Interestingly, however, Belarus will produce and control the missile targeting system. In this way, Belarus has bypassed Russia, which had expressed scepticism about the ability of the smaller state to produce such advanced weaponry. The Polonaise’ local base is the Minsk Wheel Tractor Plant MZKT 7390 “Astrology,” and the rockets could deliver a simultaneous strike on eight targets at the 200 kilometre range.

In addition Belarus also intends to produce its own drones, the formation of its own rapid respond force—in addition to that of the CSTO—and the formation of an army of local self-defence. In all aspects the doctrine emphasises a form of aggressive defence and even a preemptive attack on an enemy about to strike Belarusian territory.

Problems

In addition to the new concept, the full details of which are unknown outside presidential circles, Belarus must re-equip its existing weaponry though it lacks the finances to do so. Reliance on Russia to subsidise and replenish the Belarusian military fleet backfired when Russia opted to construct its own air base near Babruisk.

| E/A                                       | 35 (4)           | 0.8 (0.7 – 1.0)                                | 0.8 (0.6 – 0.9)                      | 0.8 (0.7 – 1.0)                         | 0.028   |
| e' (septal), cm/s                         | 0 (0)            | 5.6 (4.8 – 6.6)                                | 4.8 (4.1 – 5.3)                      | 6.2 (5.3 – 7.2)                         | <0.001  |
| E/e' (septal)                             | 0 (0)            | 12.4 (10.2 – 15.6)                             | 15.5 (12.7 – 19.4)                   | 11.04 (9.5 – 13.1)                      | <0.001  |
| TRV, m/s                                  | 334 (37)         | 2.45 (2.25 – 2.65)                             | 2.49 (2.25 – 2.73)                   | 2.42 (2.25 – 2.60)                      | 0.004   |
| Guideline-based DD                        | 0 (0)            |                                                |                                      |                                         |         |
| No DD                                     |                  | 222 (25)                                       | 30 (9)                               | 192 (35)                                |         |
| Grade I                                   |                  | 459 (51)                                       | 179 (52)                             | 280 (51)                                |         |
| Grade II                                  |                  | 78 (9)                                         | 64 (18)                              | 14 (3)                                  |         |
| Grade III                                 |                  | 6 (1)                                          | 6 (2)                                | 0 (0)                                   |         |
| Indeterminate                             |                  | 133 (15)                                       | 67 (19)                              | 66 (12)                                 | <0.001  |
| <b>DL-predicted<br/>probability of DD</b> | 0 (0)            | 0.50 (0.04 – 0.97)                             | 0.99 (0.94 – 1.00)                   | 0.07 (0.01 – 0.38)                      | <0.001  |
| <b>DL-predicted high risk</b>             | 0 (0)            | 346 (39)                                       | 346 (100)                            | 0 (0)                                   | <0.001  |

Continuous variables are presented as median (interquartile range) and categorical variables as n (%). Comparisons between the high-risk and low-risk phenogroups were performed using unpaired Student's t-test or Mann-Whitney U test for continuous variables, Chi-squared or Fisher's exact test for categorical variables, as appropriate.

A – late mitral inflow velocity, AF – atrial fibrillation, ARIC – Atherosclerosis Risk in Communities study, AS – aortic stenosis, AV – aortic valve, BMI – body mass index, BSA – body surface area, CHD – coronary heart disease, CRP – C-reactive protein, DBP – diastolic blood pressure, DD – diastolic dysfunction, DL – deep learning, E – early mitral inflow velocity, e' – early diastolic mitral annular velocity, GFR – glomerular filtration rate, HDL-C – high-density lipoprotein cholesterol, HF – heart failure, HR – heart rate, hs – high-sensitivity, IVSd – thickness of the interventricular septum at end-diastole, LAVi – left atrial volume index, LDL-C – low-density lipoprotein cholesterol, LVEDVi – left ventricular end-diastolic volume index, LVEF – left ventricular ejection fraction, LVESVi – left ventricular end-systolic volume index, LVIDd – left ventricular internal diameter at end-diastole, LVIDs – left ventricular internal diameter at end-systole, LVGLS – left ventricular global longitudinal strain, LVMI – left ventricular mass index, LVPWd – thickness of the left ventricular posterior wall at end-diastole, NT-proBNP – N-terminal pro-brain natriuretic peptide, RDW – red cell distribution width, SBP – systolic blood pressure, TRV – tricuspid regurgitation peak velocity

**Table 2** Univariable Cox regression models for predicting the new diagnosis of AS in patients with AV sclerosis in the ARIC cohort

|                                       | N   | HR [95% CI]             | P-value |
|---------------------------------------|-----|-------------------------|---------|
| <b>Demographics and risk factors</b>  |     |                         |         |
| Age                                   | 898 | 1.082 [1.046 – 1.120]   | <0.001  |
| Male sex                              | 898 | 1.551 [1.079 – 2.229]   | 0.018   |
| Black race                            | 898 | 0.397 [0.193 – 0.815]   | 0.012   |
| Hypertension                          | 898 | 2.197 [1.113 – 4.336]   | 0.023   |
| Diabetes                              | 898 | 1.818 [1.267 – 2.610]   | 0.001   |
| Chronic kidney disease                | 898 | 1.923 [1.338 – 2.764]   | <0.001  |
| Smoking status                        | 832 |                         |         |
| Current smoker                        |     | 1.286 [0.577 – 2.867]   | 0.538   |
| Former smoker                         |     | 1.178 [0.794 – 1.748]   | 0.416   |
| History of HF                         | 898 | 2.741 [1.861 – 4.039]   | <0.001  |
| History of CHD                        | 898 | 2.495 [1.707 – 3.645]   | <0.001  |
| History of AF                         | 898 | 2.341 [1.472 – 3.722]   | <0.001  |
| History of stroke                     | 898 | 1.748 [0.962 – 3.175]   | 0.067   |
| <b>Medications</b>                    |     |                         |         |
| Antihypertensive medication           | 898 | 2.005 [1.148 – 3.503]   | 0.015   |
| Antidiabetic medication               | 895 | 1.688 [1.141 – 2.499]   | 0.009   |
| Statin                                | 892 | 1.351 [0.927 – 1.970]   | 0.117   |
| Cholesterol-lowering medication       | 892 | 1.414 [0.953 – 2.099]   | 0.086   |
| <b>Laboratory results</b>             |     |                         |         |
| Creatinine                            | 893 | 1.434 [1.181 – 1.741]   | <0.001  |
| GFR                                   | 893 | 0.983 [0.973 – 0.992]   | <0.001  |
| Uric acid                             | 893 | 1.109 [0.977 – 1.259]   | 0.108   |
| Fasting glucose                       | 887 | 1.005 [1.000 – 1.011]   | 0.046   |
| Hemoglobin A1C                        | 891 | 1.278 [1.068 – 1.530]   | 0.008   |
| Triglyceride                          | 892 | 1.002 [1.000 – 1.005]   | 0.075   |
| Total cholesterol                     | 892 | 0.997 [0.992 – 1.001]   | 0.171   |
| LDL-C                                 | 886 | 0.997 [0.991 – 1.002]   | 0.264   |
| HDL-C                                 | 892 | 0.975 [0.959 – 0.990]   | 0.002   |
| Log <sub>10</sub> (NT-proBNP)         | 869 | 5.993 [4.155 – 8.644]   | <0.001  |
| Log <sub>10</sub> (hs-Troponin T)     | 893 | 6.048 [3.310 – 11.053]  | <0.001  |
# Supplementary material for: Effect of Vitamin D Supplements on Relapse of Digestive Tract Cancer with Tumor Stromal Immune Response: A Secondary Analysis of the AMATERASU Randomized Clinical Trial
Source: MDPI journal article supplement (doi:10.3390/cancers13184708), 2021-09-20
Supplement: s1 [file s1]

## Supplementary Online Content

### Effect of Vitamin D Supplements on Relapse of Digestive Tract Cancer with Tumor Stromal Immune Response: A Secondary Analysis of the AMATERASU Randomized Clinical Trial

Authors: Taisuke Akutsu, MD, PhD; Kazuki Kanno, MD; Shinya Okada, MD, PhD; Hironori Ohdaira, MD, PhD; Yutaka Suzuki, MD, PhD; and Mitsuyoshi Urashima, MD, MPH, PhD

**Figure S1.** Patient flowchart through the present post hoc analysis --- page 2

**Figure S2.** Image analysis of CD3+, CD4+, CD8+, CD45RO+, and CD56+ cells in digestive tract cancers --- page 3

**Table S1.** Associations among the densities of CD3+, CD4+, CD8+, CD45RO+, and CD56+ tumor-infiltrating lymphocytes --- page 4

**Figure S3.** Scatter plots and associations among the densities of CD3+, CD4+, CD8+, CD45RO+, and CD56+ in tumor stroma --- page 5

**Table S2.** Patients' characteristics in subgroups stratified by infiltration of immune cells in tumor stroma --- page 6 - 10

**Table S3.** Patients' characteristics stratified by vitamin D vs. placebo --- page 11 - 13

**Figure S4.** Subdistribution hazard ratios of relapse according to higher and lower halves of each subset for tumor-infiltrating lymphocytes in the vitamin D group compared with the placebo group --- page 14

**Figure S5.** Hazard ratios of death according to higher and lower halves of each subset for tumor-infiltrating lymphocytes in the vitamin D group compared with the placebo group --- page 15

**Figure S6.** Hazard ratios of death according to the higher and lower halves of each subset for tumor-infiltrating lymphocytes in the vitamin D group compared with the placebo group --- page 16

The establishment of the new military doctrine runs counter to Russian plans and also appears to undermine CSTO unity because the course being pursued by Lukashenka is one of neutrality, especially in the conflict between its two neighbours Russia and Ukraine. Yet the fundamental alliance between Belarus and Russia remains and military exercises continue.

Thus the limits of Belarus’ military independence appear obvious. Lukashenka seeks a national deterrent free from Russian control. Simultaneously his country remains an integral part of Russian strategic space and needs Russian help for its homeland defence. Lastly, Belarus remains in the Russian-dominated alliance CSTO, as well as the Russia-Belarus Union.

David Marples and Uladzimir Padhol

David Marples is Distinguished University Professor, Department of History & Classics, University of Alberta.

Uladzimir Padhol is Belarusian political scientist and journalist, editor and publisher of Narodnyi televisor. Tsitaty i baiki A.G. Lukashenko [People’s Television: Citations and Stories of A.G. Lukashenko], which is now in its thirtieth edition.